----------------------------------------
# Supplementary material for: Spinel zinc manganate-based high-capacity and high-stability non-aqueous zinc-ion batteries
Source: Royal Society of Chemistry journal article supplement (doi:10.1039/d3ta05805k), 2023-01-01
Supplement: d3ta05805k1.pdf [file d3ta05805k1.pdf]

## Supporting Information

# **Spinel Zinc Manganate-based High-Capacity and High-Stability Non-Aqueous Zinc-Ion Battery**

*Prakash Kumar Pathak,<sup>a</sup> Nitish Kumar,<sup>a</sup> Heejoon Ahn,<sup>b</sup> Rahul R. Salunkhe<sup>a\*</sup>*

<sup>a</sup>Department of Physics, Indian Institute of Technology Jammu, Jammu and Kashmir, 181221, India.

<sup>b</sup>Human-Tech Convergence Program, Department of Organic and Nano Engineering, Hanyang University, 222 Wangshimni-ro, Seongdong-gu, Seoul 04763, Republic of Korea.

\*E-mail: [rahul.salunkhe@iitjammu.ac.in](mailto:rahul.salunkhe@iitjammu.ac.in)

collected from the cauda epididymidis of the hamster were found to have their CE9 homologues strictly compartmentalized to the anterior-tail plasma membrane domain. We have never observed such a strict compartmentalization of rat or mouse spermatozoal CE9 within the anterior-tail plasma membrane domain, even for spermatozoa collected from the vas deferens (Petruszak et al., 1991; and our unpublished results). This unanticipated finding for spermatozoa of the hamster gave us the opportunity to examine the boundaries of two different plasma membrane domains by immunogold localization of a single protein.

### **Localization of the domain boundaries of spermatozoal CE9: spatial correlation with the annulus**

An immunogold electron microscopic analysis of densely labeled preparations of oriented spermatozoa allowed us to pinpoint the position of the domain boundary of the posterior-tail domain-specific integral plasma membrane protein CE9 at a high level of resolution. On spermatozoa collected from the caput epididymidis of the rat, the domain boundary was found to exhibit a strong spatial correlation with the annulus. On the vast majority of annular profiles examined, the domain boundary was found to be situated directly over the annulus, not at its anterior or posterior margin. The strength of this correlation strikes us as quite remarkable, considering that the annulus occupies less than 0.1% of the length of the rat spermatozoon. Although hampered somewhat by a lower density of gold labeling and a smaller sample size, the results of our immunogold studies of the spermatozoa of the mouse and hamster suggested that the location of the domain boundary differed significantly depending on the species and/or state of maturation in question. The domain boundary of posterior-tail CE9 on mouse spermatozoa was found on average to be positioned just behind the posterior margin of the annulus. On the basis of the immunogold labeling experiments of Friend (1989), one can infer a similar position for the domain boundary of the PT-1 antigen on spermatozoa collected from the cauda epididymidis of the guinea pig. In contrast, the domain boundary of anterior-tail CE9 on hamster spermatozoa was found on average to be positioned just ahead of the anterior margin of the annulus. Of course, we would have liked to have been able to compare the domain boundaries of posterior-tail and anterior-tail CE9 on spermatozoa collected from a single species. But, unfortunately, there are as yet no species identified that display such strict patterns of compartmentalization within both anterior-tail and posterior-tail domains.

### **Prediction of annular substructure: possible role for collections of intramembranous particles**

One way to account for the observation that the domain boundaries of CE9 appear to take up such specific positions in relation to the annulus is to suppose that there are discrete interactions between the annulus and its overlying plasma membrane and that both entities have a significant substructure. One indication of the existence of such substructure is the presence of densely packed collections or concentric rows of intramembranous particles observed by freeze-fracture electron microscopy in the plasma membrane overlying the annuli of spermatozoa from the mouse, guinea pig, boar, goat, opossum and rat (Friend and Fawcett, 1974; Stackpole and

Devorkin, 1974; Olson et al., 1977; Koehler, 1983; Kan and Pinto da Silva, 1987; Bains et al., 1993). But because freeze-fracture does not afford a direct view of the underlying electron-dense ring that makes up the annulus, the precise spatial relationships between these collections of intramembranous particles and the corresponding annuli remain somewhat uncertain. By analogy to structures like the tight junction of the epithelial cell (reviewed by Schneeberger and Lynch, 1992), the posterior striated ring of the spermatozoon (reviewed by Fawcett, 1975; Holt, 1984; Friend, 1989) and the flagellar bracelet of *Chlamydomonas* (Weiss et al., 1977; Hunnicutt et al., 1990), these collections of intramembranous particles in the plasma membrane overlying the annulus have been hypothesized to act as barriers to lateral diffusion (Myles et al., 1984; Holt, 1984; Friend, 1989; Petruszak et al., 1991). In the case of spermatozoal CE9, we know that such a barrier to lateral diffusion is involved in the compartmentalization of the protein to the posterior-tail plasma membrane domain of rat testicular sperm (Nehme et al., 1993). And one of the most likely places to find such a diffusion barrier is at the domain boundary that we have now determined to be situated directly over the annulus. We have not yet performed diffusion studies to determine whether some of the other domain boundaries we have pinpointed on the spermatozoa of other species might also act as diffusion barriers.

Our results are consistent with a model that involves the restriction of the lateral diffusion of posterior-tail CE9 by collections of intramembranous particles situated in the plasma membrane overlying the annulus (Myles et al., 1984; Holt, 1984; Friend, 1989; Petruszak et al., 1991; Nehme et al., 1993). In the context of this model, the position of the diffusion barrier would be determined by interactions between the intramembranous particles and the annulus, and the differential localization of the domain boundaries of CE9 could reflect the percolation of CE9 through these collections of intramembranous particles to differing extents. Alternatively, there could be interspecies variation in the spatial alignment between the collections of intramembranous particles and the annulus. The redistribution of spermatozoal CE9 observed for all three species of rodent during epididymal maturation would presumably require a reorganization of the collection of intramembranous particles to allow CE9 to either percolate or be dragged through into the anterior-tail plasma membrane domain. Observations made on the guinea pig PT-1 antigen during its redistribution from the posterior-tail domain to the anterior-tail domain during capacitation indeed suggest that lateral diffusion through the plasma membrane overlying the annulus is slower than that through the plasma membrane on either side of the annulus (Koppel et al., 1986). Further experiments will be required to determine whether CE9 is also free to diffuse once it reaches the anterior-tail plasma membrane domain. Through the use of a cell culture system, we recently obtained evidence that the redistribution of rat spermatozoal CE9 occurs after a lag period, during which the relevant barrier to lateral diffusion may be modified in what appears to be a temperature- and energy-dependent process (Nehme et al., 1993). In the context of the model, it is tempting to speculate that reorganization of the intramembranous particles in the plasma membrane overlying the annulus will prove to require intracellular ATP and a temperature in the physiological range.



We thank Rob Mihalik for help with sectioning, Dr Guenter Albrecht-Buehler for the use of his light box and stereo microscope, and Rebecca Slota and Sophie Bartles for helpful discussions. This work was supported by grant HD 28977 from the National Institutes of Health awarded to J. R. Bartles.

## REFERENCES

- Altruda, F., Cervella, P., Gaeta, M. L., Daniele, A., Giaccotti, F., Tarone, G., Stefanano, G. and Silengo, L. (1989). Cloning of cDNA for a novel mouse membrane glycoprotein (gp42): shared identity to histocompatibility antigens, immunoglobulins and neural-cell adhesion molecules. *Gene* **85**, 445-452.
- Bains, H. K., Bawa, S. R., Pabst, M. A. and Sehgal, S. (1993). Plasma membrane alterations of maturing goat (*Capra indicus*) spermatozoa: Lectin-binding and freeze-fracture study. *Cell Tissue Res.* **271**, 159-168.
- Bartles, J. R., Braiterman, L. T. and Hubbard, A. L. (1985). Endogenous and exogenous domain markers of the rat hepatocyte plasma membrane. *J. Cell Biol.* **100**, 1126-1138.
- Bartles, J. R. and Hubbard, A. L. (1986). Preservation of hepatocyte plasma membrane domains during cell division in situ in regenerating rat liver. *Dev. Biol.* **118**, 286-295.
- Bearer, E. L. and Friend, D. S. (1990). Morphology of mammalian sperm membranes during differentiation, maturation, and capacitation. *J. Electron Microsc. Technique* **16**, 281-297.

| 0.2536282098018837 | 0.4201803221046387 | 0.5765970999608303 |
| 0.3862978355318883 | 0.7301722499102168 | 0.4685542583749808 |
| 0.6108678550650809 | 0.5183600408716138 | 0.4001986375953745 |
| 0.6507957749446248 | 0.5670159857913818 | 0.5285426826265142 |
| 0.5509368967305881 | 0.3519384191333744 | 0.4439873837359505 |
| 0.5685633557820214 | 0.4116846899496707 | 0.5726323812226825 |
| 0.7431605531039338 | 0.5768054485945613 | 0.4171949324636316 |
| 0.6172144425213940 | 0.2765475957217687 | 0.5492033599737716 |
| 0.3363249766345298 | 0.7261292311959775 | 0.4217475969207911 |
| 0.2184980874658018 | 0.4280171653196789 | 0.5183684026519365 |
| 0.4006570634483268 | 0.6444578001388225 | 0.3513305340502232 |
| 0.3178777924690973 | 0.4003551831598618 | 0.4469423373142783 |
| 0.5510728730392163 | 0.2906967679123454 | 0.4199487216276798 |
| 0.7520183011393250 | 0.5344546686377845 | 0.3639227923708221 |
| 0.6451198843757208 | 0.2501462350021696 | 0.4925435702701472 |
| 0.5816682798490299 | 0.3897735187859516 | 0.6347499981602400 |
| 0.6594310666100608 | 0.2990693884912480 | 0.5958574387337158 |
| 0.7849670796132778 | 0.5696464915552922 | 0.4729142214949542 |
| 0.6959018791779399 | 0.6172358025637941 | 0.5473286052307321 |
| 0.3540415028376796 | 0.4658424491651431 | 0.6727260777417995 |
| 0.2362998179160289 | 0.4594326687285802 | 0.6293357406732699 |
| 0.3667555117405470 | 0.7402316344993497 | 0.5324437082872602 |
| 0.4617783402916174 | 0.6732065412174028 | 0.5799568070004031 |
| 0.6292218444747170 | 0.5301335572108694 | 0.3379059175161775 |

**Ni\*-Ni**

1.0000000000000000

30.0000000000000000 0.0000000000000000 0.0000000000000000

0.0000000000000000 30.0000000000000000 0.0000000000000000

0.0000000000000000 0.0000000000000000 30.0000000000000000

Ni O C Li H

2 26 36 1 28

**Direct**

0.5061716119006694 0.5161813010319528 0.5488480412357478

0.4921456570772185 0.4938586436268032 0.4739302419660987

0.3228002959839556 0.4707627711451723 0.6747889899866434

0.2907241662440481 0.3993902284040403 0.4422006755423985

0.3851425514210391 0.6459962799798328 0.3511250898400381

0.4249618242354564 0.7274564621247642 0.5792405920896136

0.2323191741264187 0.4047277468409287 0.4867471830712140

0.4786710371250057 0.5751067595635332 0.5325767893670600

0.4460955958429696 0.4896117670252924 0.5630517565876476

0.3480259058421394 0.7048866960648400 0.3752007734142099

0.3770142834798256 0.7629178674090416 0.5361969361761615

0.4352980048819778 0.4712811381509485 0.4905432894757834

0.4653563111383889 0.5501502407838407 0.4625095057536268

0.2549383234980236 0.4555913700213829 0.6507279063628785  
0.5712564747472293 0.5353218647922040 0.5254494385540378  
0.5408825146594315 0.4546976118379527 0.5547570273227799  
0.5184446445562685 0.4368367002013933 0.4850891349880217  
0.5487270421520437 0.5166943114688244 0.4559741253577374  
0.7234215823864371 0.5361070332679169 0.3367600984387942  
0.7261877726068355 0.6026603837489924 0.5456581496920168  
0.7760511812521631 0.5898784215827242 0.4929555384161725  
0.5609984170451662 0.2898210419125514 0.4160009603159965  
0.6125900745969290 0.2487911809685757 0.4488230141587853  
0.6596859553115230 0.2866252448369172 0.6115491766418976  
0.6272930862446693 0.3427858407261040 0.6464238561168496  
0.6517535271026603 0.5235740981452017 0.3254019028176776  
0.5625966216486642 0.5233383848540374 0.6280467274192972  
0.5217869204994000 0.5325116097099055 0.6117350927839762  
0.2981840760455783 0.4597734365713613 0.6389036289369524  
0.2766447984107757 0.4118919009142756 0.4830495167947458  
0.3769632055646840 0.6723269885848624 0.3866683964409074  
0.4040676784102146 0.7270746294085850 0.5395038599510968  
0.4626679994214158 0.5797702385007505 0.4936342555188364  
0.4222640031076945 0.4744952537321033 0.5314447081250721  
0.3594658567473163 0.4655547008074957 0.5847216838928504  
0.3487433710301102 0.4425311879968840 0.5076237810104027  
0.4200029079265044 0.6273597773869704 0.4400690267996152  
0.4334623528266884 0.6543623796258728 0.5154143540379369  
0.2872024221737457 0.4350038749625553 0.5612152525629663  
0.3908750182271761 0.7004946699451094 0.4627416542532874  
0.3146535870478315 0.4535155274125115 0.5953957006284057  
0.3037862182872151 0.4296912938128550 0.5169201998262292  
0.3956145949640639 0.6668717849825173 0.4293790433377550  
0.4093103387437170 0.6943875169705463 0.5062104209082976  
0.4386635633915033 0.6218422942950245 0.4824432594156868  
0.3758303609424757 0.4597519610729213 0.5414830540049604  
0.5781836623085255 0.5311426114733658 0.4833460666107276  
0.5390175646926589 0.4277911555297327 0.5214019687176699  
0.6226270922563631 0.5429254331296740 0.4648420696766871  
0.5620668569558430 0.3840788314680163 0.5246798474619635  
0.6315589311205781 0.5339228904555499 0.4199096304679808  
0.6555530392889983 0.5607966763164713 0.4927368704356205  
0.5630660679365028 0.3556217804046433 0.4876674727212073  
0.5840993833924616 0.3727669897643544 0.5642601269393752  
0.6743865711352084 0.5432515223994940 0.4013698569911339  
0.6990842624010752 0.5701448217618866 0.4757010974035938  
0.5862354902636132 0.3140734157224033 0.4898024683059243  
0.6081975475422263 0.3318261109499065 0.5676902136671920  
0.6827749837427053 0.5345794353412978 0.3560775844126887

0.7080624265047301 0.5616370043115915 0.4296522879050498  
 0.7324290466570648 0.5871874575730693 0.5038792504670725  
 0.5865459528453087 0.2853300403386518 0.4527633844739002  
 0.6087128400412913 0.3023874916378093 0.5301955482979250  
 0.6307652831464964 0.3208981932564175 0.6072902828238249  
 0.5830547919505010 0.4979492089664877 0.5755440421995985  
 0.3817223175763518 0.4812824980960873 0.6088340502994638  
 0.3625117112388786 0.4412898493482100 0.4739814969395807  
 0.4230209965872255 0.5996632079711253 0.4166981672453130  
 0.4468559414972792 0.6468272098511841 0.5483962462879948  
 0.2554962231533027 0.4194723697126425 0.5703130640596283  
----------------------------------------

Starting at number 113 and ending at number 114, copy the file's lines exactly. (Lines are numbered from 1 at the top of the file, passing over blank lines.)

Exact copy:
0.6081975475422263 0.3318261109499065 0.5676902136671920  
0.6827749837427053 0.5345794353412978 0.3560775844126887